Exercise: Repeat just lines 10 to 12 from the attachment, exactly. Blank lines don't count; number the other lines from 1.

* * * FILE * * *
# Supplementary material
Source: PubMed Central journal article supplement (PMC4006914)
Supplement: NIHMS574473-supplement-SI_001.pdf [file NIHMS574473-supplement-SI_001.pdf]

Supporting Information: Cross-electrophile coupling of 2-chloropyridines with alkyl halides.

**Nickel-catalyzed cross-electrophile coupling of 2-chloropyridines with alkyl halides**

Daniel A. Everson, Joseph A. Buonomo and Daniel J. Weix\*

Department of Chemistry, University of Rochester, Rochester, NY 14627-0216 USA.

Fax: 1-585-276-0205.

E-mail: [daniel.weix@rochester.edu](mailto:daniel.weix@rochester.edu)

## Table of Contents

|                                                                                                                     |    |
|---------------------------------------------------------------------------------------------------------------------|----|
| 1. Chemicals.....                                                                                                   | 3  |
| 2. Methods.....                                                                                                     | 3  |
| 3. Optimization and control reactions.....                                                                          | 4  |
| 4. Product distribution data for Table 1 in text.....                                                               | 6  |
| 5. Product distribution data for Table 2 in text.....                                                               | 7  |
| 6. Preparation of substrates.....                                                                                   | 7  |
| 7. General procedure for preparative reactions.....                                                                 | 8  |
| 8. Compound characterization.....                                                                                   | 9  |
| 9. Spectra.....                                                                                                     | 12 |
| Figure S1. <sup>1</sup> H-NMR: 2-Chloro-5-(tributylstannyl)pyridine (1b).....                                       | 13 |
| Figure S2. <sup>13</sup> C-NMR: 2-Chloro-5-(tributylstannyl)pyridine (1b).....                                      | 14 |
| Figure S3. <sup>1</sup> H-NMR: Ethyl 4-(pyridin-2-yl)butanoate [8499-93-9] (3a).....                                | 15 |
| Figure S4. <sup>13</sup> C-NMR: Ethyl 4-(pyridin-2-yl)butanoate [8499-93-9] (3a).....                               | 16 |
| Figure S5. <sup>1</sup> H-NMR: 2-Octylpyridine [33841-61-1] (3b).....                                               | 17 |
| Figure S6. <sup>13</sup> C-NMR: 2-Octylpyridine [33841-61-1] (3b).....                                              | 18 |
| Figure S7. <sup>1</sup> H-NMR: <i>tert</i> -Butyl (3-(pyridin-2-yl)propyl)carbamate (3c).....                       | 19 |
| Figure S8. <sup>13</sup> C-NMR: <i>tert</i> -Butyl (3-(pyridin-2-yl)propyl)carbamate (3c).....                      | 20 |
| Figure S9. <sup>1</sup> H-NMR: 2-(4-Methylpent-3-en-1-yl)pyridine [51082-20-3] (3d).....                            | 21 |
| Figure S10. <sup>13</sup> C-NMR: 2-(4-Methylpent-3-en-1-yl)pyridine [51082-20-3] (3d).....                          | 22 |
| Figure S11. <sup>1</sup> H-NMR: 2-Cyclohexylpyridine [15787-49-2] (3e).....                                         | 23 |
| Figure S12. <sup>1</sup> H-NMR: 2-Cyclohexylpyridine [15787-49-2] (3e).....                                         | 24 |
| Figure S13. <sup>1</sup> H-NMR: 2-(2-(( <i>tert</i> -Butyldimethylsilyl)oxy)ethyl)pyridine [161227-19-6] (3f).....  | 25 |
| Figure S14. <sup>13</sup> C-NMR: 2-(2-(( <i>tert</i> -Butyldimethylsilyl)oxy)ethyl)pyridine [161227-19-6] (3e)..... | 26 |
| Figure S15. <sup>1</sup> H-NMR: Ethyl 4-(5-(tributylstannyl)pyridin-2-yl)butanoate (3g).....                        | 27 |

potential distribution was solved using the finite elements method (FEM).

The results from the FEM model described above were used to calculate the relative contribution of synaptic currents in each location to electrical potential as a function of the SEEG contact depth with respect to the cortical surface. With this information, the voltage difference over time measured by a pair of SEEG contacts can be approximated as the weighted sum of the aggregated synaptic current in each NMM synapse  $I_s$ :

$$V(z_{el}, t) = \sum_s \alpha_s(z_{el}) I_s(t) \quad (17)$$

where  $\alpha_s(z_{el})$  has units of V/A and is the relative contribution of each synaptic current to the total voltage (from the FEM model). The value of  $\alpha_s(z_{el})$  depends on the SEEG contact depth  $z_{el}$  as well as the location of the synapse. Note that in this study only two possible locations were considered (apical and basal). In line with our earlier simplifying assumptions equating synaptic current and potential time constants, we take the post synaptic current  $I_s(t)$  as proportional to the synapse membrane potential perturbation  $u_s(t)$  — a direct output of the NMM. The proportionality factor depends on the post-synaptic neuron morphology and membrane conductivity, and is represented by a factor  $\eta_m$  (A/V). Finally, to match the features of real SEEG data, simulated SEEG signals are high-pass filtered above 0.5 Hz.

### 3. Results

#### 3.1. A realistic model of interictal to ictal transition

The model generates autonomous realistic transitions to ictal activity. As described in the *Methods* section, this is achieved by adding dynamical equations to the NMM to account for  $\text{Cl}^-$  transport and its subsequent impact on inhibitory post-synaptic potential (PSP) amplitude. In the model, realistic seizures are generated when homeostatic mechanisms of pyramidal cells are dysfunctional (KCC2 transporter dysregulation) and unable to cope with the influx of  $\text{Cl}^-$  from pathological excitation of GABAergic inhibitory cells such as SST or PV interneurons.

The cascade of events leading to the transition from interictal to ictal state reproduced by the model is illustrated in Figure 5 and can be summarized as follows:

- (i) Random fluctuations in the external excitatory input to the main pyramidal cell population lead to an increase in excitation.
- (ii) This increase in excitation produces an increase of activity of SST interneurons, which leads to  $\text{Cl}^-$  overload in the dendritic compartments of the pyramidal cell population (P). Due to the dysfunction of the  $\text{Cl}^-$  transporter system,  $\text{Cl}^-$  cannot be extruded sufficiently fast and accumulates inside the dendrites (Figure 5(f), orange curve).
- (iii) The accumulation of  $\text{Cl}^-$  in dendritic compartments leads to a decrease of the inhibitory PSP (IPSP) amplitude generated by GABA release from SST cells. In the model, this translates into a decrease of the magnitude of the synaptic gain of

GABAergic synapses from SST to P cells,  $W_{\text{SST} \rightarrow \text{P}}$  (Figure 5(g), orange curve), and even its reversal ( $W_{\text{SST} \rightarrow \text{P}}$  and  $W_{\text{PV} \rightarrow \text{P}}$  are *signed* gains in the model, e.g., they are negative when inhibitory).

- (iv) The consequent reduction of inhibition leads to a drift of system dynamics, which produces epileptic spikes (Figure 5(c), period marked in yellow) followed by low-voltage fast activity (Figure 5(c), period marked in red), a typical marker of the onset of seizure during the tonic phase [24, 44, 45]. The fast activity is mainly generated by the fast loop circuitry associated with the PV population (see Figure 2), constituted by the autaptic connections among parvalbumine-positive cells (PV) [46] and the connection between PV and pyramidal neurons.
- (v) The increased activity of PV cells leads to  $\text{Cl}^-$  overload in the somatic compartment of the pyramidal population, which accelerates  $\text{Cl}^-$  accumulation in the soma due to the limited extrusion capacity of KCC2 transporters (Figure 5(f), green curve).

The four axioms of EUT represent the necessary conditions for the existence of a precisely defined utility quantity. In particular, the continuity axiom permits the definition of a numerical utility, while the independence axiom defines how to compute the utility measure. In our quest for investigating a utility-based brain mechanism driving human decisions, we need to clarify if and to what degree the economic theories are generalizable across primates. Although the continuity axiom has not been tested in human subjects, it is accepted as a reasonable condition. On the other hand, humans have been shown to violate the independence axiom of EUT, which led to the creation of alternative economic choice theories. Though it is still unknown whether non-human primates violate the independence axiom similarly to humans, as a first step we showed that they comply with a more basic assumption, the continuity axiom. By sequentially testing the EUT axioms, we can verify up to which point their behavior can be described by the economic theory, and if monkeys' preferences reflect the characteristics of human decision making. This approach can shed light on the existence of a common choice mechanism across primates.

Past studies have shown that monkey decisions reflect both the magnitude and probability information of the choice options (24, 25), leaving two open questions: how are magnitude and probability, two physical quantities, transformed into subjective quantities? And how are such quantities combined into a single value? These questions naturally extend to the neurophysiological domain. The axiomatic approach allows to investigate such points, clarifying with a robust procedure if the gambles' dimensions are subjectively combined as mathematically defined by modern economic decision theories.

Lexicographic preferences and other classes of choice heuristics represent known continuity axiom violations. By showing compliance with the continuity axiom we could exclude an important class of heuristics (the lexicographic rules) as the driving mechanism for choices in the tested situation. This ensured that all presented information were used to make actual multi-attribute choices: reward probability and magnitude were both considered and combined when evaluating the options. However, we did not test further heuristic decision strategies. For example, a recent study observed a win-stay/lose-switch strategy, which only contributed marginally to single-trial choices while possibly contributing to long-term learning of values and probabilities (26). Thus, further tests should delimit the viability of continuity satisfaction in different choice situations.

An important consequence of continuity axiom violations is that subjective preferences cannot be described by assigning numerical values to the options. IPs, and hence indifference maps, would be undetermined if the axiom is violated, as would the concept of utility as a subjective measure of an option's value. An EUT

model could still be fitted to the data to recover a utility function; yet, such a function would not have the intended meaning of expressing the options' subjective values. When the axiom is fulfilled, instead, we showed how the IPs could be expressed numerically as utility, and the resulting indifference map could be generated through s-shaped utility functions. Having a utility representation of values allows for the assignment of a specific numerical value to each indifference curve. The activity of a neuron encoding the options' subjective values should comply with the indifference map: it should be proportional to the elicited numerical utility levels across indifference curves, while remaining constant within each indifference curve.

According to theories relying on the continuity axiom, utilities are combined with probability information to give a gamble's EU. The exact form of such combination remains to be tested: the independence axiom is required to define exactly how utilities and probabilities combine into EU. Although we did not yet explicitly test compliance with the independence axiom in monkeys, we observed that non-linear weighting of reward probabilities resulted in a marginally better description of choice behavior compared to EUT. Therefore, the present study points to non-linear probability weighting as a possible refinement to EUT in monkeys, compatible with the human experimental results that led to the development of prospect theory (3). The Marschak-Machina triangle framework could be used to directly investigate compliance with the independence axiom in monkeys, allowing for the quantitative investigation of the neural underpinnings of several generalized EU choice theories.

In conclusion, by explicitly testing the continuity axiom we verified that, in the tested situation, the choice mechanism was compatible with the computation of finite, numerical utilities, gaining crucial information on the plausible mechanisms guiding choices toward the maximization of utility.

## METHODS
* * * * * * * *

## Table of Contents

|                                                                                                                     |    |
|---------------------------------------------------------------------------------------------------------------------|----|